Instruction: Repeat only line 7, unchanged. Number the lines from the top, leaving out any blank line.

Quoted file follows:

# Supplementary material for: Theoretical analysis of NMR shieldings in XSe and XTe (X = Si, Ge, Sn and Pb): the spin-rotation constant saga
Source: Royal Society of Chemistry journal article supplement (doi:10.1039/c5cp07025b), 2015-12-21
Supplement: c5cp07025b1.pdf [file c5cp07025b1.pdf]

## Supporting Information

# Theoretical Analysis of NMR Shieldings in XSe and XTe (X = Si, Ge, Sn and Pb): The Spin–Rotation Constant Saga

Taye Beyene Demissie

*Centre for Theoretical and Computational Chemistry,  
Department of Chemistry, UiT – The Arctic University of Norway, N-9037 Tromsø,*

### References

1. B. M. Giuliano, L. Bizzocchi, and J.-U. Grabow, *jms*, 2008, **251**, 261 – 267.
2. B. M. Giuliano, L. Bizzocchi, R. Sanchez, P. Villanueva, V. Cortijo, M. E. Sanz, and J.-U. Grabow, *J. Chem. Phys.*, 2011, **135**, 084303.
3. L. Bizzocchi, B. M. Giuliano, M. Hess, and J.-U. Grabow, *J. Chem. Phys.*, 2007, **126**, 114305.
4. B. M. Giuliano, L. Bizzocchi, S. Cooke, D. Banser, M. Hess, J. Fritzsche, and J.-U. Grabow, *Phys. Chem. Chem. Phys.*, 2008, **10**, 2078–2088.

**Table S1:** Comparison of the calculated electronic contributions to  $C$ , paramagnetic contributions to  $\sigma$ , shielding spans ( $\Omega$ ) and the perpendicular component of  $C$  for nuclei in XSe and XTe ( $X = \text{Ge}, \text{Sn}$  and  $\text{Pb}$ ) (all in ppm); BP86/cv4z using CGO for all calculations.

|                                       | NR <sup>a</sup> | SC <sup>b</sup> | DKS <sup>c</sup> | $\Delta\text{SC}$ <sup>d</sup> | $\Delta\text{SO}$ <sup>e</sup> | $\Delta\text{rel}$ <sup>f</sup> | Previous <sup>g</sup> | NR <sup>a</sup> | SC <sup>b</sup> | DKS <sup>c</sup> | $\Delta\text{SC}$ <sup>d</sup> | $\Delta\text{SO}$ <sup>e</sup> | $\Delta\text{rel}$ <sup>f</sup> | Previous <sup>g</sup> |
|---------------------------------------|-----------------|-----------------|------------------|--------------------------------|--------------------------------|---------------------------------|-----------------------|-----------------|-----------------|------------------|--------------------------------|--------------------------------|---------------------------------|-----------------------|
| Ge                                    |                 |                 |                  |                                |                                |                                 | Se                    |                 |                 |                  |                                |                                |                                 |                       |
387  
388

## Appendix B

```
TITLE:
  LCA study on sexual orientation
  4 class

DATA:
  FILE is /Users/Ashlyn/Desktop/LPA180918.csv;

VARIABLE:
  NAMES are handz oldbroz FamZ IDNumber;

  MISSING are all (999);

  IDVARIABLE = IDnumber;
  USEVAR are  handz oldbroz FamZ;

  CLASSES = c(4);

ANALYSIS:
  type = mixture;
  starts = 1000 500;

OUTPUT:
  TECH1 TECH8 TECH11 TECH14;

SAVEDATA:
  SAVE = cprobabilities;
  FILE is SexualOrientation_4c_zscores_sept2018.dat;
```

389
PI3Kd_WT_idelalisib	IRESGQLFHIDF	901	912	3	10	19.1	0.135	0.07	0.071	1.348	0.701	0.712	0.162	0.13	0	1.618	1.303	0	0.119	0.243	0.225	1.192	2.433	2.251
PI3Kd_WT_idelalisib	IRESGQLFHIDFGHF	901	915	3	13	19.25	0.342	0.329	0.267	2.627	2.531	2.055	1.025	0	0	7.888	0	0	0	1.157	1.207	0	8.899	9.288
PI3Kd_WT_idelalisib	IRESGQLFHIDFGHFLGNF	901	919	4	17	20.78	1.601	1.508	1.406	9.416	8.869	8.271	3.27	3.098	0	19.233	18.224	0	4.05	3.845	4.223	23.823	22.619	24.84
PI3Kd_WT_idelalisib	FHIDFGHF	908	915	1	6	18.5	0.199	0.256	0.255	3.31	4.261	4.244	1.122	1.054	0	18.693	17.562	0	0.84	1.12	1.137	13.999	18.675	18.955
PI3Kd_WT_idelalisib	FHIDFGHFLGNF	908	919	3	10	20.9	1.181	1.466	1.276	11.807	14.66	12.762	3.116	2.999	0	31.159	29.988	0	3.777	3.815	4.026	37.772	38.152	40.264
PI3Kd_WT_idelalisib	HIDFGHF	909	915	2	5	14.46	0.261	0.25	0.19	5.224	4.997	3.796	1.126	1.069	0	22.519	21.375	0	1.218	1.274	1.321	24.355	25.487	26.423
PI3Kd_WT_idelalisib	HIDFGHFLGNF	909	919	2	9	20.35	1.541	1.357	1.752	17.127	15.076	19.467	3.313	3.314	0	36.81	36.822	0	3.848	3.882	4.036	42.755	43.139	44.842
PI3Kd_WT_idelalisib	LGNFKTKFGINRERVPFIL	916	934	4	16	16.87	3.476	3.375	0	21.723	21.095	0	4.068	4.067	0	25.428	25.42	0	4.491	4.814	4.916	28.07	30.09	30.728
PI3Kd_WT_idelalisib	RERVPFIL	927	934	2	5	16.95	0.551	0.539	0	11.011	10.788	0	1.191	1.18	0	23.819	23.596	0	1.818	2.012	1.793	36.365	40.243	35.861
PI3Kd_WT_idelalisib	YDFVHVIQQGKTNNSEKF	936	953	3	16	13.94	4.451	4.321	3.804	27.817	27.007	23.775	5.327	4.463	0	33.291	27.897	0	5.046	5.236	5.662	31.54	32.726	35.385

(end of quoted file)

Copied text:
*Centre for Theoretical and Computational Chemistry,  